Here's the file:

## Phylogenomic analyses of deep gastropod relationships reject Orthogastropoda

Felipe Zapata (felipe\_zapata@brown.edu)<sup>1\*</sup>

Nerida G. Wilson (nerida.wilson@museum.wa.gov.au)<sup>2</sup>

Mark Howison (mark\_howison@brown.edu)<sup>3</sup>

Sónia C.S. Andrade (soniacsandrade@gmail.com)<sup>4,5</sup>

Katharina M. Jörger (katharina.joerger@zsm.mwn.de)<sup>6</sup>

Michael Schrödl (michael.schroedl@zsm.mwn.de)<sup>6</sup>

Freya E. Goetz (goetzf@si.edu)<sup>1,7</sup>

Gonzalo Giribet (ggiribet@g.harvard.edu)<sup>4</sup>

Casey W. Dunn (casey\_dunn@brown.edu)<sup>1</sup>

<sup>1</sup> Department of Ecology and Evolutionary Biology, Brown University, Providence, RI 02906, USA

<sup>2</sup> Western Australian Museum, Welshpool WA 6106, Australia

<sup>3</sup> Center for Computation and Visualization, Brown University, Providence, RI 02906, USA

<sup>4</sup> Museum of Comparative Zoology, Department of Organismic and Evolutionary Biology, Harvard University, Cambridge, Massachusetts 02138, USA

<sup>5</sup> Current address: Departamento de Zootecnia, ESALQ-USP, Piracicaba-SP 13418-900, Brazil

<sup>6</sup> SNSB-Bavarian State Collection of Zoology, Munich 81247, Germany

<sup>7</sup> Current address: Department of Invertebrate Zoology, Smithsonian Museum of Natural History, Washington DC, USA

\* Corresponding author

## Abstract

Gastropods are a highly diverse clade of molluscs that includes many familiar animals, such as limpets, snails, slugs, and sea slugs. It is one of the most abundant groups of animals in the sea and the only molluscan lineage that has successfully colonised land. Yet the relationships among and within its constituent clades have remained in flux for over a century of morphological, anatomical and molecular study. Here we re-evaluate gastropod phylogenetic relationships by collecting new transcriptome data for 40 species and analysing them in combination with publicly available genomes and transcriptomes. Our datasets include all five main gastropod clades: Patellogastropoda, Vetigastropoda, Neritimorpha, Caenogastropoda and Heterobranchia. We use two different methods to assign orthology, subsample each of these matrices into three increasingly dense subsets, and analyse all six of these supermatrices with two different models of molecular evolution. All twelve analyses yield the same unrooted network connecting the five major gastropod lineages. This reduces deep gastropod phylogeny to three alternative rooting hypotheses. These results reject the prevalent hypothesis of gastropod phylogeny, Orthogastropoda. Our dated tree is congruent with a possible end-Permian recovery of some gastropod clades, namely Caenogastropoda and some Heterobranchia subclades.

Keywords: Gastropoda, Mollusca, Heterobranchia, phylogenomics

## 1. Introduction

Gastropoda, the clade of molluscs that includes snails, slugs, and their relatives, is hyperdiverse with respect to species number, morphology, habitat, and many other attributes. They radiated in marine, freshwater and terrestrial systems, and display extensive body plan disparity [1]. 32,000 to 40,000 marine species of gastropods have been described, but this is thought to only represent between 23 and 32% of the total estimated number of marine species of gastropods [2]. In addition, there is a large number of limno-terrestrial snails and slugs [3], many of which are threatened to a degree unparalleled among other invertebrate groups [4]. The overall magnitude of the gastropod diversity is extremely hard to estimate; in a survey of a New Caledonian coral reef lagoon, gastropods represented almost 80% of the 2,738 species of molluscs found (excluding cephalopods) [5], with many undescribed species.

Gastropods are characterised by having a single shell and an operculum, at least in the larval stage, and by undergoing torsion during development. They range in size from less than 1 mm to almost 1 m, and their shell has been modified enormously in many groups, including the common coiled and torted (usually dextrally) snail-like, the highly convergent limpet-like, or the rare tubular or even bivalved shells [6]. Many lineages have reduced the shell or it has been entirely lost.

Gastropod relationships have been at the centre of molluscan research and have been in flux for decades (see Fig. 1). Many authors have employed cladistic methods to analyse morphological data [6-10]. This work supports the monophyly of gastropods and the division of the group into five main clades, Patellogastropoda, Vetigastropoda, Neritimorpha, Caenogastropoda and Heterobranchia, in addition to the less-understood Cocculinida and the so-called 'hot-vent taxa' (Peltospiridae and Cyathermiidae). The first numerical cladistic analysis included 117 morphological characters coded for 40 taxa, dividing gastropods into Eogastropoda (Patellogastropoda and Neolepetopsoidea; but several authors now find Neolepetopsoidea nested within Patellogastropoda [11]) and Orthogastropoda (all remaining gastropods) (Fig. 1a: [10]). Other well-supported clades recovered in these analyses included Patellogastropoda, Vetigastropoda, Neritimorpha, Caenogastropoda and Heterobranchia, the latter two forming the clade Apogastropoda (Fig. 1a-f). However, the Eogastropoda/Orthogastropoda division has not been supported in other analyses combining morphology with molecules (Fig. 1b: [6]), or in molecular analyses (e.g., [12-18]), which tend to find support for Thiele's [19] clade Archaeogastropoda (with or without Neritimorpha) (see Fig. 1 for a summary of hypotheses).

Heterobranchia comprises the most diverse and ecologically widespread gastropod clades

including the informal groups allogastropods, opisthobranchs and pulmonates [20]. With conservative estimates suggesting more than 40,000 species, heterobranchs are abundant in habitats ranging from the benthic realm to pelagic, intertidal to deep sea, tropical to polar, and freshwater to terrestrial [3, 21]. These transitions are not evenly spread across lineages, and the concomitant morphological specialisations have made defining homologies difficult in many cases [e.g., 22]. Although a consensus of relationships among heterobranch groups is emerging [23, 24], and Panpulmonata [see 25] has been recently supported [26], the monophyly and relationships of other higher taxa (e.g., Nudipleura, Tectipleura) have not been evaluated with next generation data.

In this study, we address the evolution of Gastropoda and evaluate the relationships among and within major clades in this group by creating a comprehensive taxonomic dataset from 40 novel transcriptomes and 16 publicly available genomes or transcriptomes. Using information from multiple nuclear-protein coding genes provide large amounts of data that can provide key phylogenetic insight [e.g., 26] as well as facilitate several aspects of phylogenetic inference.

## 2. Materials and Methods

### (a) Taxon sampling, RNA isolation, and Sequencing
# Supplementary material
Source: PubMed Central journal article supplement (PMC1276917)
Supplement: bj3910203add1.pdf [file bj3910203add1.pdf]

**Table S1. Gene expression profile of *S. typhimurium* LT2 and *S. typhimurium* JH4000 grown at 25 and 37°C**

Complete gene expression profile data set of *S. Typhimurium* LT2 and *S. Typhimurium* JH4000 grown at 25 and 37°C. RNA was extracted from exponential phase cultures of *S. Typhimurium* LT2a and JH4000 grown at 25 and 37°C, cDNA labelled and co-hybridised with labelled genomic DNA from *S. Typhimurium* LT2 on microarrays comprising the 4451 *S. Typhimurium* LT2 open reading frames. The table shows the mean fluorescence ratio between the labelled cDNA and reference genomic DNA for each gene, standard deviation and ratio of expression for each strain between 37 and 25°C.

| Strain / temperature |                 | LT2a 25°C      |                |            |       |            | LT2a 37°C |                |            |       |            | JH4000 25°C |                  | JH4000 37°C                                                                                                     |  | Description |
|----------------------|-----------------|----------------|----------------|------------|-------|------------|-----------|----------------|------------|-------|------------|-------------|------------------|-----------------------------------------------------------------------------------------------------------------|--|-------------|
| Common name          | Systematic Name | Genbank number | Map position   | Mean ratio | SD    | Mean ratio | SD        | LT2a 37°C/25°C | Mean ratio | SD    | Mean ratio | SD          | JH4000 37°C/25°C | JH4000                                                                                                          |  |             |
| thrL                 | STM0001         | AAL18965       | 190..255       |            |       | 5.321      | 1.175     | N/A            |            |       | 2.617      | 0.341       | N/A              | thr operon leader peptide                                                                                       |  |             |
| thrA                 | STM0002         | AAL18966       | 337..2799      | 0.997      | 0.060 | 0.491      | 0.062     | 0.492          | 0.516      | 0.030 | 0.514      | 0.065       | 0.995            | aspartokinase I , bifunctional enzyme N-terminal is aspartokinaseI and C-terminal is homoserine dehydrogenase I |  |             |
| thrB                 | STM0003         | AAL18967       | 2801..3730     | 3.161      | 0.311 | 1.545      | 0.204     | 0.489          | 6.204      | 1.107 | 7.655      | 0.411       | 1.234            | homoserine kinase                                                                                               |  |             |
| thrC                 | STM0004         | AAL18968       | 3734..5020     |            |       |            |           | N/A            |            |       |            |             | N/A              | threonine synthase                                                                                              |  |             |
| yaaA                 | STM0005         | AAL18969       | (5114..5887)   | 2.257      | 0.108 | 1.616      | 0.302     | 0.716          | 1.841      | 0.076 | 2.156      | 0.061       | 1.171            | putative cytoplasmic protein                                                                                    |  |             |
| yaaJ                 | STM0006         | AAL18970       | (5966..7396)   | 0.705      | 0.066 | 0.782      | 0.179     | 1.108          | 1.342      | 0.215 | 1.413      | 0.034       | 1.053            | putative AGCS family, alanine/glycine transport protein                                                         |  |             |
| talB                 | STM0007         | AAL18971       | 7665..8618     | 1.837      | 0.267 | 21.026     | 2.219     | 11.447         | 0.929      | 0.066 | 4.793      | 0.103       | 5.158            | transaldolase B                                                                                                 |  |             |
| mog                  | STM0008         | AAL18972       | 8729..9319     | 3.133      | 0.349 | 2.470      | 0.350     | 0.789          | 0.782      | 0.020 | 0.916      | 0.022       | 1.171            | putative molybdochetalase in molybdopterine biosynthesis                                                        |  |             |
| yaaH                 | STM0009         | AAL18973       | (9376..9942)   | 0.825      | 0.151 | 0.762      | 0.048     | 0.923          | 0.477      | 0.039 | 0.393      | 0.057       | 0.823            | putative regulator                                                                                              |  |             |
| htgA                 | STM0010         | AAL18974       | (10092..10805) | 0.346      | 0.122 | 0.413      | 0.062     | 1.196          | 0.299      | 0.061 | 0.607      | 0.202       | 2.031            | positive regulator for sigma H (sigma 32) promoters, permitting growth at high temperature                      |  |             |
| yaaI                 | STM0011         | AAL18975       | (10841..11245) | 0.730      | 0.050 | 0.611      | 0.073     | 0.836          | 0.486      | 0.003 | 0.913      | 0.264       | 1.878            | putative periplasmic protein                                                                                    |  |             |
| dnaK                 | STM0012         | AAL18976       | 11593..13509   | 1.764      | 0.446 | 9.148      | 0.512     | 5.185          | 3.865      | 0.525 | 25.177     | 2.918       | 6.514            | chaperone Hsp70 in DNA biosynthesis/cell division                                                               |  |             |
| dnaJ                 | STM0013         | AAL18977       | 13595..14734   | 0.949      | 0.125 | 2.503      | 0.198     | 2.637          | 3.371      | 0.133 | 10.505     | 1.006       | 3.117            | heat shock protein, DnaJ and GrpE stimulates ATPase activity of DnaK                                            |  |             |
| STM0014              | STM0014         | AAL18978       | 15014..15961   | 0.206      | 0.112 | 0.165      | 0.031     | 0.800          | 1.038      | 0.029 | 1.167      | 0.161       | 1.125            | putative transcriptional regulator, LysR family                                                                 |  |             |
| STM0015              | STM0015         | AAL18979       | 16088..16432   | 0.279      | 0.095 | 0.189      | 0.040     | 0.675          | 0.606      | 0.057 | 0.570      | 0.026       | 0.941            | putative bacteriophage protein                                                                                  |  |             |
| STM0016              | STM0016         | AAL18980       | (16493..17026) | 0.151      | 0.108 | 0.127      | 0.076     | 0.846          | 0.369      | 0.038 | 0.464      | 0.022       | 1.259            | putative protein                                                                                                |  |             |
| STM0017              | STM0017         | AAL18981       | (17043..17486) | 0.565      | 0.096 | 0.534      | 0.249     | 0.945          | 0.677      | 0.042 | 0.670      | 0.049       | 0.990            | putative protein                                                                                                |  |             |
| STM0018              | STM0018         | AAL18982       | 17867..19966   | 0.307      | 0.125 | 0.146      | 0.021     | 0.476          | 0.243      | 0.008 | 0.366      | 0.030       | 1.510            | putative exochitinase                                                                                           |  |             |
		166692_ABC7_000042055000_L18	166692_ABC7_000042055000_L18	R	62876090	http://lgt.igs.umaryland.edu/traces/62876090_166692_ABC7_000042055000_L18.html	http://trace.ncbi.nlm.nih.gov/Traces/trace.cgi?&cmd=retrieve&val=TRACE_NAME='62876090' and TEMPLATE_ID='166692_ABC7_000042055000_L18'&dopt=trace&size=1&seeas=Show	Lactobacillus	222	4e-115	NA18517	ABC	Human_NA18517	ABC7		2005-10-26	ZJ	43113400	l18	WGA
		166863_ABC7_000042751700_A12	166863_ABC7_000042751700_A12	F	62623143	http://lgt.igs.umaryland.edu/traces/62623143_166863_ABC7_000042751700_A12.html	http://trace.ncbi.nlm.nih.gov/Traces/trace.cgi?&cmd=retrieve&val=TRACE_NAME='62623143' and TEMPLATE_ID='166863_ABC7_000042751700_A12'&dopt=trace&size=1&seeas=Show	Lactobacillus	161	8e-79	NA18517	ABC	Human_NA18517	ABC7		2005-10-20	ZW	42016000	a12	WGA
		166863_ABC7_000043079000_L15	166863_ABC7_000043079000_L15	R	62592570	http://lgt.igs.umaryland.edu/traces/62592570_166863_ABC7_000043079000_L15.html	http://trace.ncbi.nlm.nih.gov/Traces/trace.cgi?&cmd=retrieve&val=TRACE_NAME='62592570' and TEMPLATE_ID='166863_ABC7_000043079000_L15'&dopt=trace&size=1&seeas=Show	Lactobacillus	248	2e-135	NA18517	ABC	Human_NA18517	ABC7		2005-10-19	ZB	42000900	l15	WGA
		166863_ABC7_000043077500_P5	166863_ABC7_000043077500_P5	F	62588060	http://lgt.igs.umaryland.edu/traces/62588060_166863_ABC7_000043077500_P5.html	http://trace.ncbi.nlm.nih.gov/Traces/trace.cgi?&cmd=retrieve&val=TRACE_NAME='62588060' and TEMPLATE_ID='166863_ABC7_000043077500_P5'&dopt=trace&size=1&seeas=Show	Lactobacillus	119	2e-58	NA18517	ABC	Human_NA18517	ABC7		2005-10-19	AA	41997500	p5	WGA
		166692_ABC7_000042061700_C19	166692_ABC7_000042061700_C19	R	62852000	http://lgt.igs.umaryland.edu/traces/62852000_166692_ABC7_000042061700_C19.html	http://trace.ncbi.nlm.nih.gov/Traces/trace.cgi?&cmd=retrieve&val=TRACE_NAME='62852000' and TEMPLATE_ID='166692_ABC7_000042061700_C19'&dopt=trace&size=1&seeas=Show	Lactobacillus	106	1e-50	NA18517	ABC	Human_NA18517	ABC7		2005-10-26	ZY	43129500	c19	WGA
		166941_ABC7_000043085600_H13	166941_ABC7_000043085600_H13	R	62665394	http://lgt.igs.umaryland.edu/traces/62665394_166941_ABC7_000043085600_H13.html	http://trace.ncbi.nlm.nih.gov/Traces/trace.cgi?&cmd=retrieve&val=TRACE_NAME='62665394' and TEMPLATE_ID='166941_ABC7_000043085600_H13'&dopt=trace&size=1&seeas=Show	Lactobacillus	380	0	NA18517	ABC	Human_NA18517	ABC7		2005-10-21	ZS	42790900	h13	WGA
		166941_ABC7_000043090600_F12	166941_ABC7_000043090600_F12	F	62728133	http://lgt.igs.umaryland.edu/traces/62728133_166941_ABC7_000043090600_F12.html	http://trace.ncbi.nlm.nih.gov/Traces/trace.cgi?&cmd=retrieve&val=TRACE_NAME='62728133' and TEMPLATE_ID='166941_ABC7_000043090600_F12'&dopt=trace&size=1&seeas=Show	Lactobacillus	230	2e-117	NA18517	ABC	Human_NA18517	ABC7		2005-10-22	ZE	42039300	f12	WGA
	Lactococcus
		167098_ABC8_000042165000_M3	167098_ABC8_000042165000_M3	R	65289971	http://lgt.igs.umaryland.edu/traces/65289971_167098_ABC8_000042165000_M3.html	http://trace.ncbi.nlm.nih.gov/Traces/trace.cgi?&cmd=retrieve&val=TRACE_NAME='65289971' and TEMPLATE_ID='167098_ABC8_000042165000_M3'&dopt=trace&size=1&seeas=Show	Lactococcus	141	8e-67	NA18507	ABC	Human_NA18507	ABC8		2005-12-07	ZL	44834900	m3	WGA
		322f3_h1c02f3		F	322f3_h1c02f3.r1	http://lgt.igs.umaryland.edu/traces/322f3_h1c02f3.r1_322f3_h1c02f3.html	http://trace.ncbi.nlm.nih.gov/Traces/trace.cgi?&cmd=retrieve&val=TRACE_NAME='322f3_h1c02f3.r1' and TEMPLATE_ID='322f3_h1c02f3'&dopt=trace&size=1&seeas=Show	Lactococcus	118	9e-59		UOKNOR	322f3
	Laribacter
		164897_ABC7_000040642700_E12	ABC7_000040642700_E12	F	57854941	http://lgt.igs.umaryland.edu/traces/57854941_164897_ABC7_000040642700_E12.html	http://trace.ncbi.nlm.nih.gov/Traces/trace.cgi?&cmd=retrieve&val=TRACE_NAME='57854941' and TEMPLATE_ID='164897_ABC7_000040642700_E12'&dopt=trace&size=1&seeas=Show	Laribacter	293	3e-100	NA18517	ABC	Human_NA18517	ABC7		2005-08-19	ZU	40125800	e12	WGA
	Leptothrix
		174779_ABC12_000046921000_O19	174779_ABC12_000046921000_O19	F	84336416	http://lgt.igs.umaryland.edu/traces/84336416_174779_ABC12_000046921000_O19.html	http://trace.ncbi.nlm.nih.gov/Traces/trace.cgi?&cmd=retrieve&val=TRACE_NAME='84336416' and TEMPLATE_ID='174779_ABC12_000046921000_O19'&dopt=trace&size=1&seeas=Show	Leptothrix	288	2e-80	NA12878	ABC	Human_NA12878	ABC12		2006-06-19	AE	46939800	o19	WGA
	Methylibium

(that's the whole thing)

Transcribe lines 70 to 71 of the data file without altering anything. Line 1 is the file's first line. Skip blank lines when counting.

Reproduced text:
		174779_ABC12_000046921000_O19	174779_ABC12_000046921000_O19	F	84336416	http://lgt.igs.umaryland.edu/traces/84336416_174779_ABC12_000046921000_O19.html	http://trace.ncbi.nlm.nih.gov/Traces/trace.cgi?&cmd=retrieve&val=TRACE_NAME='84336416' and TEMPLATE_ID='174779_ABC12_000046921000_O19'&dopt=trace&size=1&seeas=Show	Leptothrix	288	2e-80	NA12878	ABC	Human_NA12878	ABC12		2006-06-19	AE	46939800	o19	WGA
	Methylibium